This is precisely why I enable telemetry data in any software I use that uses it. If that specific bit data collection is in place, it will be used to determine future development of the software, so I well might try and help the software developers know that yes, I do use these menu options.

Alas, my telemetered usage of tab groups in Firefox didn't help this feature stay, and I wonder how many power users never let Mozilla know they use it in the first place. Sigh.

I've been considering moving to Pale Moon due to Mozilla's dumbing down of Firefox. The fun thing with that is that, while Pale Moon did this before, tab groups can be added back if one so wishes: Pale Moon Tab Groups add-on. And it also allows installing the Australis theme if one likes it (I do): Australium theme. So, yeah, I'm moving there sooner rather than later now...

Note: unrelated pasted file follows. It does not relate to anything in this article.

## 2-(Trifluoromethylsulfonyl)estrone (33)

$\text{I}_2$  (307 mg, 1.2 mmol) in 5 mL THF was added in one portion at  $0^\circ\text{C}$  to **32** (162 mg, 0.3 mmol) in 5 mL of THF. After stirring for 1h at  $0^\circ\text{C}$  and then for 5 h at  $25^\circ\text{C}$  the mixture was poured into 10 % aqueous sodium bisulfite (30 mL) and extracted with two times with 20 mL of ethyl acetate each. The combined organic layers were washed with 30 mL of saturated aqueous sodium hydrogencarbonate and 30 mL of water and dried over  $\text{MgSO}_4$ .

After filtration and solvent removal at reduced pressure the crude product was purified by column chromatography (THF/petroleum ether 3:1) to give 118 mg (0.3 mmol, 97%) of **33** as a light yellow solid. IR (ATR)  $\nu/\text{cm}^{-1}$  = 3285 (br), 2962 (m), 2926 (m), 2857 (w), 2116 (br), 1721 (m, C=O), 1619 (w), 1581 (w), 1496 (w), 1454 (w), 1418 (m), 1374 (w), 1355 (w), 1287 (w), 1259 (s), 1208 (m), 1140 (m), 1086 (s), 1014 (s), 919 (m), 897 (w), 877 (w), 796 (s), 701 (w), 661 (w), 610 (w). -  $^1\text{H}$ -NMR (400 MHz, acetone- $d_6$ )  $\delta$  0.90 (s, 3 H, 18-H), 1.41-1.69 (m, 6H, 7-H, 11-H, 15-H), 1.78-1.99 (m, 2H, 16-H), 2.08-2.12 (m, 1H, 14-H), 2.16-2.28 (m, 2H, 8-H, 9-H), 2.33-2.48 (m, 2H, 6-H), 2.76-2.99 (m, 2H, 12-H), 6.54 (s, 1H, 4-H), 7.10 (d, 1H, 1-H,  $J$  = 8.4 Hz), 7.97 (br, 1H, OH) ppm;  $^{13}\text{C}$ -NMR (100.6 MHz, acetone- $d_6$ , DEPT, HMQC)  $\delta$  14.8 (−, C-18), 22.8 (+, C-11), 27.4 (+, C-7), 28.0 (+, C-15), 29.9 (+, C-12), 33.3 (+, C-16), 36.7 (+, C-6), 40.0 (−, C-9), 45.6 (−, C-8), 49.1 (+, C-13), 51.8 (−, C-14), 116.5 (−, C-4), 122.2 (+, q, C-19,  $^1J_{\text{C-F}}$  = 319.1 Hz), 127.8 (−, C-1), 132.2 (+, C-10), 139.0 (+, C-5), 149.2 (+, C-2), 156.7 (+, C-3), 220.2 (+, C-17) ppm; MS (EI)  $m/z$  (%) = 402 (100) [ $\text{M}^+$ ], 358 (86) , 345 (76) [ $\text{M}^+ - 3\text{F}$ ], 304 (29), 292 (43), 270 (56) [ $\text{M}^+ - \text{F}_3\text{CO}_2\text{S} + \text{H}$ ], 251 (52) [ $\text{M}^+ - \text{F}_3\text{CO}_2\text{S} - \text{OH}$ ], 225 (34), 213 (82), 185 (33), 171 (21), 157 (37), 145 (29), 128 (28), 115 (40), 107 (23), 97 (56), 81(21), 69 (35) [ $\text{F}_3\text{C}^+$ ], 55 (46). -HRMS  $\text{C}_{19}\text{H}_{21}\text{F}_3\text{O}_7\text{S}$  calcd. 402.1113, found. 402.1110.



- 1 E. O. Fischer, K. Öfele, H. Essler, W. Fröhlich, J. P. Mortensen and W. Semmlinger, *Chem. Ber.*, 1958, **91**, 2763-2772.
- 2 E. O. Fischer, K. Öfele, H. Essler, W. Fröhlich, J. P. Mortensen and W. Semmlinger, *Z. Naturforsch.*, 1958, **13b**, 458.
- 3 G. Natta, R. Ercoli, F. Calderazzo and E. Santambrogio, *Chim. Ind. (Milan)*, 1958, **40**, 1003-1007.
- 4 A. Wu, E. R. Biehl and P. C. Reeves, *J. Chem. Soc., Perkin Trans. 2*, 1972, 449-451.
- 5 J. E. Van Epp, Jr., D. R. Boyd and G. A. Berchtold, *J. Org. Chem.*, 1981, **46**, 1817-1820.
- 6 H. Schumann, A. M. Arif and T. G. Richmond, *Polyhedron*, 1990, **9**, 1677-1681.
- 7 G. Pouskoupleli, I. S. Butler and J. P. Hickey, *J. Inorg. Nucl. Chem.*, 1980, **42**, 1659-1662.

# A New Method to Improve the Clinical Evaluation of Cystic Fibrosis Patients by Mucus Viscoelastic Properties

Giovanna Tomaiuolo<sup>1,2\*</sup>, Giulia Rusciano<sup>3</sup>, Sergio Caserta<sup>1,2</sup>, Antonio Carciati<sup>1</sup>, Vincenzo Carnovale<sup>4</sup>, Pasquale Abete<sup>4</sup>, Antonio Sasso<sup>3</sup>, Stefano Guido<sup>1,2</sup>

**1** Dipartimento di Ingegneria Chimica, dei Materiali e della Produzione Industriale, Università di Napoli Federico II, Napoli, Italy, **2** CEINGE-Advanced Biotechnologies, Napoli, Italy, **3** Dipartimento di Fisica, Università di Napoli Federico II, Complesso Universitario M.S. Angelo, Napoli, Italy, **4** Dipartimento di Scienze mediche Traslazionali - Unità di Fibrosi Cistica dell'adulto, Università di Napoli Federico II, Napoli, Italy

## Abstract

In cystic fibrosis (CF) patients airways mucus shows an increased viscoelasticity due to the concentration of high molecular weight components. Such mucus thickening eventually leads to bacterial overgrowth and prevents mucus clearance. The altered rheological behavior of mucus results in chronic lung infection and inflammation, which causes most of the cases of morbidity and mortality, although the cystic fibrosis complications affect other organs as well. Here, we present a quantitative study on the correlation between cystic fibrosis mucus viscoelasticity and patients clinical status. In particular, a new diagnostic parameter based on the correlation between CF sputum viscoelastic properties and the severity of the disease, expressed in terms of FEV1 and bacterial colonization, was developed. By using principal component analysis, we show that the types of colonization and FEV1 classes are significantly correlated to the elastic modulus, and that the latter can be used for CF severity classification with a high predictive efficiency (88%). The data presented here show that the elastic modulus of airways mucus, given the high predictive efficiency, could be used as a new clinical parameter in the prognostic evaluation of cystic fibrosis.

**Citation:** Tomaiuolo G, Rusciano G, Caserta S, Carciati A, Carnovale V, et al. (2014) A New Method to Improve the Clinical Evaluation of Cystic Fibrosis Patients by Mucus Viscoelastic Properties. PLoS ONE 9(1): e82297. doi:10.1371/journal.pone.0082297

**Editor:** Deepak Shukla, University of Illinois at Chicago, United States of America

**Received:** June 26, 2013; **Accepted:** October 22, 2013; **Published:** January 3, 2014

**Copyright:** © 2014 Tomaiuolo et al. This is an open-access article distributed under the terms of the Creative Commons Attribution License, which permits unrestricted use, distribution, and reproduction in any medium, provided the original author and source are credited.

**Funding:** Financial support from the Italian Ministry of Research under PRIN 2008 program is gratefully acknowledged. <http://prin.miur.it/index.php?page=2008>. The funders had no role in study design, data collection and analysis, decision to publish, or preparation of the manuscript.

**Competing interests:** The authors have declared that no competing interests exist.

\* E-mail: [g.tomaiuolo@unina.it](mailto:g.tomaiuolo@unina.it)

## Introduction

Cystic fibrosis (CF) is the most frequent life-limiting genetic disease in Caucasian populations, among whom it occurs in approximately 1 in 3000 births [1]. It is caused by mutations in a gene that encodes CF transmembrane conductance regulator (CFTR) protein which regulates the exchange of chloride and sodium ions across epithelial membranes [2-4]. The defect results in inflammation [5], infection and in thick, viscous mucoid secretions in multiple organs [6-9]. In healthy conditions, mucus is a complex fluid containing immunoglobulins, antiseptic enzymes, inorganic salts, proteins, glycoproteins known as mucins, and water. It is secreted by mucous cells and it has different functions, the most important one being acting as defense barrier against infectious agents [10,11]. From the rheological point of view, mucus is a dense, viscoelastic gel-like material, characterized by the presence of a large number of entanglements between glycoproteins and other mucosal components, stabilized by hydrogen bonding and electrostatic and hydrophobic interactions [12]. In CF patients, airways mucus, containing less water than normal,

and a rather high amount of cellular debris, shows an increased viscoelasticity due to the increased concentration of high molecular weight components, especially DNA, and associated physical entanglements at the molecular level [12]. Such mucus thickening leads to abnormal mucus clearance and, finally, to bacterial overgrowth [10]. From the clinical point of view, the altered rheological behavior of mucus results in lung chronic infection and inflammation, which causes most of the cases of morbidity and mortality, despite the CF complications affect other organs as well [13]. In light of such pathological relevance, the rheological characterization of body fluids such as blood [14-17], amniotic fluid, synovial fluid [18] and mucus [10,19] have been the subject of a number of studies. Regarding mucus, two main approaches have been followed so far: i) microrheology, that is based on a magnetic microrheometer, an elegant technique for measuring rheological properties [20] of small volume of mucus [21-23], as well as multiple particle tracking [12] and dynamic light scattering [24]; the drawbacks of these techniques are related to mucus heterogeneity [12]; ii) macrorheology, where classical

Comment Re:Bad Example (Score 1) 222

Since eating a hamburger or a chicken sandwich is perfectly fine, morally speaking

Why, every moral person knows that, if it is for their own enjoyment, causing pain to another being is fine. For example, what's wrong with setting cats on fire? It's pleasurable to my eyes to see them running alight, to my nose to smell their burnt fur and flesh, and to my ears to hear them screaming. Ditto for, without anesthesia, burning chicken beaks, ripping pigs testicles and ripping cattle tails, then painfully slaughtering them. It makes their corpses' taste more pleasurable to my tongue, and that alone makes it right.


Comment Re:Ugh (Score 2) 191

OS X is not easy to use. It's counter-intuitive as hell.

It depends on your background. If you already know a UI, switching to another one will feel annoying and counterintuitive unless the new one works almost exactly like the first. But I remember reading that complete computer illiterate beginners, including small children, get up to speed in Mac OS X's UI in less time than they do in other UIs. If that's accurate, the claim that Mac OS X is in general more intuitive would be correct.